Category Archives: Side Dishes

Panko-Crusted Risotto Balls Stuffed with Mozzarella and Peppers

If you’ve never been to Nelson, British Columbia then you have been missing some of the most awe-inspiring natural landscapes that the province offers, as well as some of the best restaurants this side of Montreal. In addition to its brush with fame in the 80’s as the filming location for Steve Martin’s Roxanne, the town also has an eclectic music and arts scene, decent skiing and an economy that is apparently fuelled principally by the sale of psychotropics. The highlight of my stay was stumbling upon a couple of hidden gem restaurants that intrigued me with the novelty of their meals. Two side dishes, in particular, sent me reeling at the table: Masala Poutine with fromage frais and flash-fried risotto balls in panko.

I’ve tried unsuccessfully to duplicate the masala poutine. Hailing from La Belle Province I have a predisposition for poutine and anything deep fried, just as I have an ingrained dislike, equally strong, for Quebec’s other well known export, Celine Dion. I picked up a mandoline to emulate the style of fries, but to no avail. I’ve also ruined two batches of masala sauce concoctions, none of which are worthy of the original. When I finally do get this close enough to post, remind me to tell you the story about the time we introduced poutine to Laos.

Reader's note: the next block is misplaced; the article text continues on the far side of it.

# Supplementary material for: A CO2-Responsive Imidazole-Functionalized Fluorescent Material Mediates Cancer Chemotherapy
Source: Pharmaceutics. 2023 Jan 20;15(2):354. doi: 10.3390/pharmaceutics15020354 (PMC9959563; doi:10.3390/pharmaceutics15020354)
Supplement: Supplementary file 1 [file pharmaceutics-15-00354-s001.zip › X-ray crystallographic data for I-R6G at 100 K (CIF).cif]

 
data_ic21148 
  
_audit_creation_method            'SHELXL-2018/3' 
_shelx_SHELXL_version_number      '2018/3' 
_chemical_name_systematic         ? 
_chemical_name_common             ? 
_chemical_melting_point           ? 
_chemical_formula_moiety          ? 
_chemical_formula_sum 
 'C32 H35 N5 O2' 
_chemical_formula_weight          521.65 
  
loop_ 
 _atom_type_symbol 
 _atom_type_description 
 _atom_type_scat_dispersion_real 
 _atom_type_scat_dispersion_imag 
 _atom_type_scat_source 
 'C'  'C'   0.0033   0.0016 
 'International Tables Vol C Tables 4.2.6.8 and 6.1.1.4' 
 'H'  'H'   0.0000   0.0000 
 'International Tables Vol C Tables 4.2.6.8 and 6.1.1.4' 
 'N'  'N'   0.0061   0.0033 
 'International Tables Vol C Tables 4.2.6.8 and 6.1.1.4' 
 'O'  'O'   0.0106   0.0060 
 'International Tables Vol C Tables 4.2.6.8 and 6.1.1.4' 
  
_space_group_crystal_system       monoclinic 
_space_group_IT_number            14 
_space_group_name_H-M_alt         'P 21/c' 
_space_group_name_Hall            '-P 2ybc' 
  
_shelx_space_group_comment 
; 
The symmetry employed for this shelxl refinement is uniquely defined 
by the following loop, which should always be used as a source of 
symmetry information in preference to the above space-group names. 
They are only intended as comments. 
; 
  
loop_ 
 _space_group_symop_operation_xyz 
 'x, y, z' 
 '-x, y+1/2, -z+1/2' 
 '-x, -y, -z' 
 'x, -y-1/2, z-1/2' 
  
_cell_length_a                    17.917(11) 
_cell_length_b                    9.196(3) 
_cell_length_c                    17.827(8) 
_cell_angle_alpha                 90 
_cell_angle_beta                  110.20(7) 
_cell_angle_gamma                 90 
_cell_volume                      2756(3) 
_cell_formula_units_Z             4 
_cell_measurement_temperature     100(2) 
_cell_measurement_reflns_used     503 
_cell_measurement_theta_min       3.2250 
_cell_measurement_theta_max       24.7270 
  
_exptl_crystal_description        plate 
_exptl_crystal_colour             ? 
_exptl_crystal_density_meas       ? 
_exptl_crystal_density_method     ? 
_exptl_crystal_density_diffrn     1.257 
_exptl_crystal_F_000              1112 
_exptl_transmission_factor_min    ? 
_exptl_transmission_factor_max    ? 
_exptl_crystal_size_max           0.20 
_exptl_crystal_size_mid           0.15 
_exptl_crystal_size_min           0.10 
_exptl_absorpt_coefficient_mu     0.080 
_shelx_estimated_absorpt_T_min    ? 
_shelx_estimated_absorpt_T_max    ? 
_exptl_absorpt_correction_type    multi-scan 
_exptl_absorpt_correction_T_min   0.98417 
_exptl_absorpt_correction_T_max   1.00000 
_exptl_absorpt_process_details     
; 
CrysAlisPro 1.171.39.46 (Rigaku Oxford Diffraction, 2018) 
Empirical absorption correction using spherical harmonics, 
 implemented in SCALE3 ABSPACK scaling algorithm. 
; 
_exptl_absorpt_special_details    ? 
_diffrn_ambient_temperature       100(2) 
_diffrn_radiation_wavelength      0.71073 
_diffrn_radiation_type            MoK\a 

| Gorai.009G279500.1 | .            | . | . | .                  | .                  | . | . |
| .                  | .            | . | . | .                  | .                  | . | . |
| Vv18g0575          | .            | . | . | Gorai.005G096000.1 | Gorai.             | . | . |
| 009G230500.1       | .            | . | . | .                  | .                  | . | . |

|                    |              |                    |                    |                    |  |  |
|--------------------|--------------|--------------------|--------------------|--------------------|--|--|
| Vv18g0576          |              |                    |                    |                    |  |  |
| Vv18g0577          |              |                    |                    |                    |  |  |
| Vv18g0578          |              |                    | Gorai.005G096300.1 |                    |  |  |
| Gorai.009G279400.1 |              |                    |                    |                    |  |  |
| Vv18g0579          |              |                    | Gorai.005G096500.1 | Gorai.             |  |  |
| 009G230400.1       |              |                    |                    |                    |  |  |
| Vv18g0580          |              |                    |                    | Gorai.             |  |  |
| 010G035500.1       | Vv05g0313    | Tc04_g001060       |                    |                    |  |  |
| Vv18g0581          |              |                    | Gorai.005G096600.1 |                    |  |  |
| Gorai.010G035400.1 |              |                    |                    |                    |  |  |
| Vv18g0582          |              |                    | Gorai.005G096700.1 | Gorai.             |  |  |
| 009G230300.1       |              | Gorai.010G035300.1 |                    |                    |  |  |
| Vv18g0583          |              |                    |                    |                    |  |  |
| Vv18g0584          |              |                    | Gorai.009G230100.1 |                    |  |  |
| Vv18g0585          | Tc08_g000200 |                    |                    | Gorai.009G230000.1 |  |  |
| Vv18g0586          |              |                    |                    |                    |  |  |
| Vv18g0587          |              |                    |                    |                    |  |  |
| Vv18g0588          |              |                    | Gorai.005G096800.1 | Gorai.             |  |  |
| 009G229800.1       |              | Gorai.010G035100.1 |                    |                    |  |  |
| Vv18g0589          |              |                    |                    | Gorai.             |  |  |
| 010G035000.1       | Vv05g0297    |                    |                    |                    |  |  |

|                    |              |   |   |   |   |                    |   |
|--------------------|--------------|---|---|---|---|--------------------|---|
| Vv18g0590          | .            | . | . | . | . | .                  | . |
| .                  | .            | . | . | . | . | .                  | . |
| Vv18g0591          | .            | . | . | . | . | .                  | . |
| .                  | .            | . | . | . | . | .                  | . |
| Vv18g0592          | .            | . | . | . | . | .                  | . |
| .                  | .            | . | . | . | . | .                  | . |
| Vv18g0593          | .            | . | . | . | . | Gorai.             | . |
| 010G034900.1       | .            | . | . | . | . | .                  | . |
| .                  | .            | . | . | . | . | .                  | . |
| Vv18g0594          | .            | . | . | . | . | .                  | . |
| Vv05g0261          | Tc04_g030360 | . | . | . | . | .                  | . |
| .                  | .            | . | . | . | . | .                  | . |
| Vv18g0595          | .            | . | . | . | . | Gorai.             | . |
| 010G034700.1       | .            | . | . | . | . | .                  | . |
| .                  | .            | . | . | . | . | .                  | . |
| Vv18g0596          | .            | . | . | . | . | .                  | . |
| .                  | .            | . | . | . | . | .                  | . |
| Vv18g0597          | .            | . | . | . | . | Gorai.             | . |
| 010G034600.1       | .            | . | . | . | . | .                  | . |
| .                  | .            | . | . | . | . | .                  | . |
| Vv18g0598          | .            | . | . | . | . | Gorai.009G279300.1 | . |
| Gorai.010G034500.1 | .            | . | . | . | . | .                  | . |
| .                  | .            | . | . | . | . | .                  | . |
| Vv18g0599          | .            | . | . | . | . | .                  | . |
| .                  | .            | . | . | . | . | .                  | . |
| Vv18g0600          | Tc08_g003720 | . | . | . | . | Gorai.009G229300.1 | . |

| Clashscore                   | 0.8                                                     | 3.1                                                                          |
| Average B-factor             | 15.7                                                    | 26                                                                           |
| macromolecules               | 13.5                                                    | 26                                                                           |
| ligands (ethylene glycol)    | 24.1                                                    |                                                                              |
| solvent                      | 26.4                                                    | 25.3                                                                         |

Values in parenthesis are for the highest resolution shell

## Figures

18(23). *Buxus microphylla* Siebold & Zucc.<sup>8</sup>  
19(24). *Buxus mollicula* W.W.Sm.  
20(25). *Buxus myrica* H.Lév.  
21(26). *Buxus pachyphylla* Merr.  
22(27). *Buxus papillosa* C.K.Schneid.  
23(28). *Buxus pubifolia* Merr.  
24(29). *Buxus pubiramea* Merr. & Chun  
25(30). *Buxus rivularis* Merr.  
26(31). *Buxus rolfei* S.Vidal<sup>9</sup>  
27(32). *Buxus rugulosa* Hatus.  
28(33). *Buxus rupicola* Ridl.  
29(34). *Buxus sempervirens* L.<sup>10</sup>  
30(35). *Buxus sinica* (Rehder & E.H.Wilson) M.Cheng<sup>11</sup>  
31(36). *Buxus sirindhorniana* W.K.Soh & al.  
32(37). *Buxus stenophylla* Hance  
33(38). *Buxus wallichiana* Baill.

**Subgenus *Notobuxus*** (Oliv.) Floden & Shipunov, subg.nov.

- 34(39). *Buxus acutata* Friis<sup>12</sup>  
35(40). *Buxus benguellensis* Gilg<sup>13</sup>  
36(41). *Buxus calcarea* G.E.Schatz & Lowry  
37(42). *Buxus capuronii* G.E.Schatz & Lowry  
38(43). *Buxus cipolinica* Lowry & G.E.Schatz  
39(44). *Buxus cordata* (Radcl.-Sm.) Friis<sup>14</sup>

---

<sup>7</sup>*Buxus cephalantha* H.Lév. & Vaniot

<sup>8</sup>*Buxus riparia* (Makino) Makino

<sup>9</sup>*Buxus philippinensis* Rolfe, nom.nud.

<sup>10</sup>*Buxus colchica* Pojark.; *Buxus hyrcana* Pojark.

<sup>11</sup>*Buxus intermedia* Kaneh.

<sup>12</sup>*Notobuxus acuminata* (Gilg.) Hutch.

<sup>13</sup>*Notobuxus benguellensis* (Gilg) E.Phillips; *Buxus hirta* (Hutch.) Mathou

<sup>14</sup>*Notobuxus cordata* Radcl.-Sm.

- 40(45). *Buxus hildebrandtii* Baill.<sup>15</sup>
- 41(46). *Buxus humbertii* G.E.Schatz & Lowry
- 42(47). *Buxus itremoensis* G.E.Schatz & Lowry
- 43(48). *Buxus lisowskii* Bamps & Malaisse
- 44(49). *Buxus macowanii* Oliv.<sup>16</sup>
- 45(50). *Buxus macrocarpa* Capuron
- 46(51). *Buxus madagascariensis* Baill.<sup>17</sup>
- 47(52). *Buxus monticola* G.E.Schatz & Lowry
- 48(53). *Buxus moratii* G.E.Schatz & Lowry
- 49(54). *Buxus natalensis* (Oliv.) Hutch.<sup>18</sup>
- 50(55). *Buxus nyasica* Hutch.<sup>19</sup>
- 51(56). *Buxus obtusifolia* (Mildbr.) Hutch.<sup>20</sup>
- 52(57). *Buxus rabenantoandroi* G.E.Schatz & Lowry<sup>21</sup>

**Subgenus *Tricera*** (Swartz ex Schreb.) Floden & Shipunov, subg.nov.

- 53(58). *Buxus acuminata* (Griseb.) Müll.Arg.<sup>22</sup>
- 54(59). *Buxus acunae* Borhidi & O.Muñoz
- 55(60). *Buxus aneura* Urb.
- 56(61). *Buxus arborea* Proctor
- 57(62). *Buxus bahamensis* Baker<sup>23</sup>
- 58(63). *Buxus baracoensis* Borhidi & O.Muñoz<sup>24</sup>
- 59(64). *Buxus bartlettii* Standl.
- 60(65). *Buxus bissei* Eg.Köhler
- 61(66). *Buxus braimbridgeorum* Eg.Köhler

The risotto balls, on the other hand, have agreed with my efforts of experimentation. I’ve strayed from the original ones I sampled, but did still choose to enrobe them in panko, with a quick dip in the deep fryer for crunchiness. I’ve also added a little bit of white wine, for added flavour and acidity, and stuffed the balls with mozza and a fire roasted red pepper fresh from my BBQ. I made each ball a little larger than a golf ball; and although their size is diminutive, they are tremendously filling, beware.

Continue reading


Kalamata Tapenade with Tomatoes and Spinach